Rdio, as, a music industry insider told me recently, is a bit of an enigma. The Spotify competitor has been chugging along ever since its launch two years ago, quietly rolling out product updates as other players like MOG were making headlines. “They seem to be very heads-down. You don’t really know what those guys are up to,” that insider said.
Rdio CEO Drew Larner laughed when I told him this story during a recent sit-down, but he also made it clear that he wants to change that perception. He wants more people to know about Rdio, and he wants to tell them exactly what makes the service different from the rest. That’s why the San Francisco-based company rolled out a massive ad campaign this fall, with big billboard ads in New York’s Times Square as well as in cities like Los Angeles and San Francisco.
The ads feature musicians like Snoop Lion, Santigold & Chromeo, and Larner told me about an interesting twist: Each ad shows artists following other artists – just like Rdio users can follow other users, including some of the artists featured in the ads, on the service. “We have from Day One built our service around social discovery,” said Larner.
Doing social differently
Social is one of a few notable differences between Rdio and Spotify. The latter has been heavily relying on Facebook’s social graph, relaying all the listening habits of folks you may know, but not necessarily value for their taste in music; that’s why Spotify apps like the just-relaunched Soundrop have had so much success with their own take on social.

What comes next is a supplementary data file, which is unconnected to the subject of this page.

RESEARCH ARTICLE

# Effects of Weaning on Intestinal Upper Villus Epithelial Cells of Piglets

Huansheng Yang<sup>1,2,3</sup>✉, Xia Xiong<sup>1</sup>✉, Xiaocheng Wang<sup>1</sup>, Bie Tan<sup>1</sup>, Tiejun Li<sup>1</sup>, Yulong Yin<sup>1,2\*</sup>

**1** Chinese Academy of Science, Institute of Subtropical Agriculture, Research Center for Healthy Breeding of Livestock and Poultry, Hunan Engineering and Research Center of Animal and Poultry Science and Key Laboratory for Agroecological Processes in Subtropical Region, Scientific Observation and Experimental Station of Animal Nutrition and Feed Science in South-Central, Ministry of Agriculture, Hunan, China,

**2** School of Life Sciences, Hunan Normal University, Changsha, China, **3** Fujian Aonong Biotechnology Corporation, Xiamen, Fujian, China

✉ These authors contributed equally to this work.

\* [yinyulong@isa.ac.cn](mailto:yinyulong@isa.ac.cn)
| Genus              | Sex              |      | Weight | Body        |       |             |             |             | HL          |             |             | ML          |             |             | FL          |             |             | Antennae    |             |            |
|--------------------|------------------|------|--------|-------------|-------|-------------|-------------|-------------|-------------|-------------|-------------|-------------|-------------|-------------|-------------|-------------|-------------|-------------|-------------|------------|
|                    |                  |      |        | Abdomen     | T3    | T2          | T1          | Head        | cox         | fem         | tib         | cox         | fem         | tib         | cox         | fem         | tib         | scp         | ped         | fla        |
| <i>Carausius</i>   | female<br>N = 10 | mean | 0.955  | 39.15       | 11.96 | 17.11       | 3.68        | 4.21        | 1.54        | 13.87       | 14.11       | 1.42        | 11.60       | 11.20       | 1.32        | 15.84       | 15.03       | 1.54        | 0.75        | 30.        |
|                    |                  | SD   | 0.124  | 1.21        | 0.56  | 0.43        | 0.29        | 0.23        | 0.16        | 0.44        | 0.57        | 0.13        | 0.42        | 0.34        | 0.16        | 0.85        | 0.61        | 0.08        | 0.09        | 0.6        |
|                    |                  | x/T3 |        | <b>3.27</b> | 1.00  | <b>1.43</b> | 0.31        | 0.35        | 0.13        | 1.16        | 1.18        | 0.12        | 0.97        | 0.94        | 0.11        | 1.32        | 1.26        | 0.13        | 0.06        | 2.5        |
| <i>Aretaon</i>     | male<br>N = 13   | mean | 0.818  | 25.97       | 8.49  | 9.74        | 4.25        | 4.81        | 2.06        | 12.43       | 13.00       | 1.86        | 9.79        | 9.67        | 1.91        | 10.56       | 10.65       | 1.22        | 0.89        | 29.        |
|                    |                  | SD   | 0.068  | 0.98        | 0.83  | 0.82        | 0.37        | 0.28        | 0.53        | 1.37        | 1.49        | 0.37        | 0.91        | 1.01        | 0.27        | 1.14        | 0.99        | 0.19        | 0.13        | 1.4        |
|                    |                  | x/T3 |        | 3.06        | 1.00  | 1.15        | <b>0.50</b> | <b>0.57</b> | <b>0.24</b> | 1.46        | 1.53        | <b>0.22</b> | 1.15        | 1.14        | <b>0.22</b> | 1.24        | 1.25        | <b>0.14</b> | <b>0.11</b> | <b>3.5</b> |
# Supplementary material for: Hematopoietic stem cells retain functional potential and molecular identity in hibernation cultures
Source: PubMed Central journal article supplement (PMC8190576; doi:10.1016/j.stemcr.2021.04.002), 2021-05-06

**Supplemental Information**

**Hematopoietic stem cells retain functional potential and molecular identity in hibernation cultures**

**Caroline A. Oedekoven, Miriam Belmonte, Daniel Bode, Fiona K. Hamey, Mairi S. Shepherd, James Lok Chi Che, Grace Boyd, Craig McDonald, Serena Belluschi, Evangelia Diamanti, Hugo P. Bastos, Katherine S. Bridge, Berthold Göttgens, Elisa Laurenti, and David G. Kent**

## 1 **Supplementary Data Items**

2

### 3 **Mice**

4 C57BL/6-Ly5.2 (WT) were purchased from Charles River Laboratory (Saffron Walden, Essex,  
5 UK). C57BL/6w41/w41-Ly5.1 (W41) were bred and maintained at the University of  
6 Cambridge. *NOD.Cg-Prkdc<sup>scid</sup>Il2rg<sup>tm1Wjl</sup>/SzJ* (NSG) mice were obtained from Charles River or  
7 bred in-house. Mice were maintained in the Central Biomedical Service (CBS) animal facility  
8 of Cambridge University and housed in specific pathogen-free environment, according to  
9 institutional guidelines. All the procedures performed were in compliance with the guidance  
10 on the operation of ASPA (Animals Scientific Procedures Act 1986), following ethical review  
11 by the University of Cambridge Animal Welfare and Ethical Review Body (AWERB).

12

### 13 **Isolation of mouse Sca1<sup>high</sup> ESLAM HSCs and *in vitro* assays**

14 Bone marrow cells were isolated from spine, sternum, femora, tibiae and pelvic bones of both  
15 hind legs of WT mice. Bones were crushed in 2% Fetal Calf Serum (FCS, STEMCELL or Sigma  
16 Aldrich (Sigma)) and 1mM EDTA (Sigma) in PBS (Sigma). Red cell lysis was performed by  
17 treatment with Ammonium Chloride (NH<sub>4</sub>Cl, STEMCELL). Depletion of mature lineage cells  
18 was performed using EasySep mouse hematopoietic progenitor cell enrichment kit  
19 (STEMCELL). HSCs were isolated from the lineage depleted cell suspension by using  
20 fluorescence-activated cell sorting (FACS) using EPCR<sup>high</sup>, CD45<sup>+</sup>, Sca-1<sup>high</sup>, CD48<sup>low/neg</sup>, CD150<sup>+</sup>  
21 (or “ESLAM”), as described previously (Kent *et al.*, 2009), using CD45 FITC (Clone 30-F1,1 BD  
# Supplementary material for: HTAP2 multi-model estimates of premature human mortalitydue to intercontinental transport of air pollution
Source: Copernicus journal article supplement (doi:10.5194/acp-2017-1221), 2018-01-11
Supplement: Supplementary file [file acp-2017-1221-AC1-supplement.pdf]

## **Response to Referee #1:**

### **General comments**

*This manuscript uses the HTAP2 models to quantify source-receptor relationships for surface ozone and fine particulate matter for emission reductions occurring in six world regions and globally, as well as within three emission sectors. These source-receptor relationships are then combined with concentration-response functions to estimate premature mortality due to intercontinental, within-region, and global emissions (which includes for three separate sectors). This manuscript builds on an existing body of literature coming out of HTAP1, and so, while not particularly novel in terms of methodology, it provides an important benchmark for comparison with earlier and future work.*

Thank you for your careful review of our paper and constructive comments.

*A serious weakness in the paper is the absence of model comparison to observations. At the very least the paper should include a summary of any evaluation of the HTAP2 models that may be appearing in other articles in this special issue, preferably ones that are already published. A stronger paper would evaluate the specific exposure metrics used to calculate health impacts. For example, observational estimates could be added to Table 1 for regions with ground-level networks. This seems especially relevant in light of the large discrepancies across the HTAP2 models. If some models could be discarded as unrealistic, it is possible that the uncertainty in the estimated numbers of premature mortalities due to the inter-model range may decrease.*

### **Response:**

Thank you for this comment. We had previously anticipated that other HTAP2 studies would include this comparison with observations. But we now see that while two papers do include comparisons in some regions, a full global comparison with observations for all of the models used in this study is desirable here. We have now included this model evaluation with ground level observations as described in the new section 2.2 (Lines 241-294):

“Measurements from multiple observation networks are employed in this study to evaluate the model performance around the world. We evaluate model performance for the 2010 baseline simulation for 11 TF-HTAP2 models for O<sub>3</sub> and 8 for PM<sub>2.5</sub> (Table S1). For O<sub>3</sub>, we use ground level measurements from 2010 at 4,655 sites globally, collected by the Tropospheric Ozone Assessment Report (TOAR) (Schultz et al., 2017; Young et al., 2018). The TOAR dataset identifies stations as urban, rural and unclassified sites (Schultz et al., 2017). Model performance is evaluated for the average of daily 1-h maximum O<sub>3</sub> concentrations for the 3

Rdio has always had a different approach to social. Instead of random social connections, it relies on musical influencers that you follow for — not despite — their listening habits. Larner told me he follows a few hundred people on Rdio, but only knows a small number of them personally.
Another difference from Spotify is that Rdio now pays artists to promote its service. The company recently launched its Rdio Artist Program, which pays artists $10 for every new paying subscriber they help recruit. It’s an industry-first, even though it’s not exactly designed to get rid of the middle man and turn the music biz upside down. Still, it could get some artists some extra pocket change.
And for Rdio, the benefit is twofold: Not only will artists try to win over new users, but their increased use of the service will also make it more interesting to existing subscribers who chose to follow those artists. It’s a subtle side benefit that likely wasn’t lost on Janus Friis, the Skype founder that is financing Rdio. Friis was the brain behind the artist program, Larner told me: “It came from Janus, it really was his idea.”
Next up: carrier billing
So what’s next up for Rdio? Larner said that the company is going to take its ad campaign to Europe, Australia and Brazil in the first half of 2013. Rdio is also planning to make its API more widely available to developers, making it possible for them to use Rdio’s tracks within their own sites and services. That used to be a licensing challenge, but Larner told me that he sees the industry ease off on licensing terms.
But the biggest step forward for Rdio – and the music subscription market in general – could be a partnership with mobile operators. Muve music has demonstrated that bundling music with other phone services works, and Larner agreed that it is an important piece of the puzzle. “To me, the key is the billing relationship,” he said.
His company struck a billing agreement with Canada’s Telus last summer, and has similar agreements in place in Brazil. When will we see Rdio partner with a U.S. telco? Larner wouldn’t say, and just smiled. Maybe some things won’t change about Rdio after all.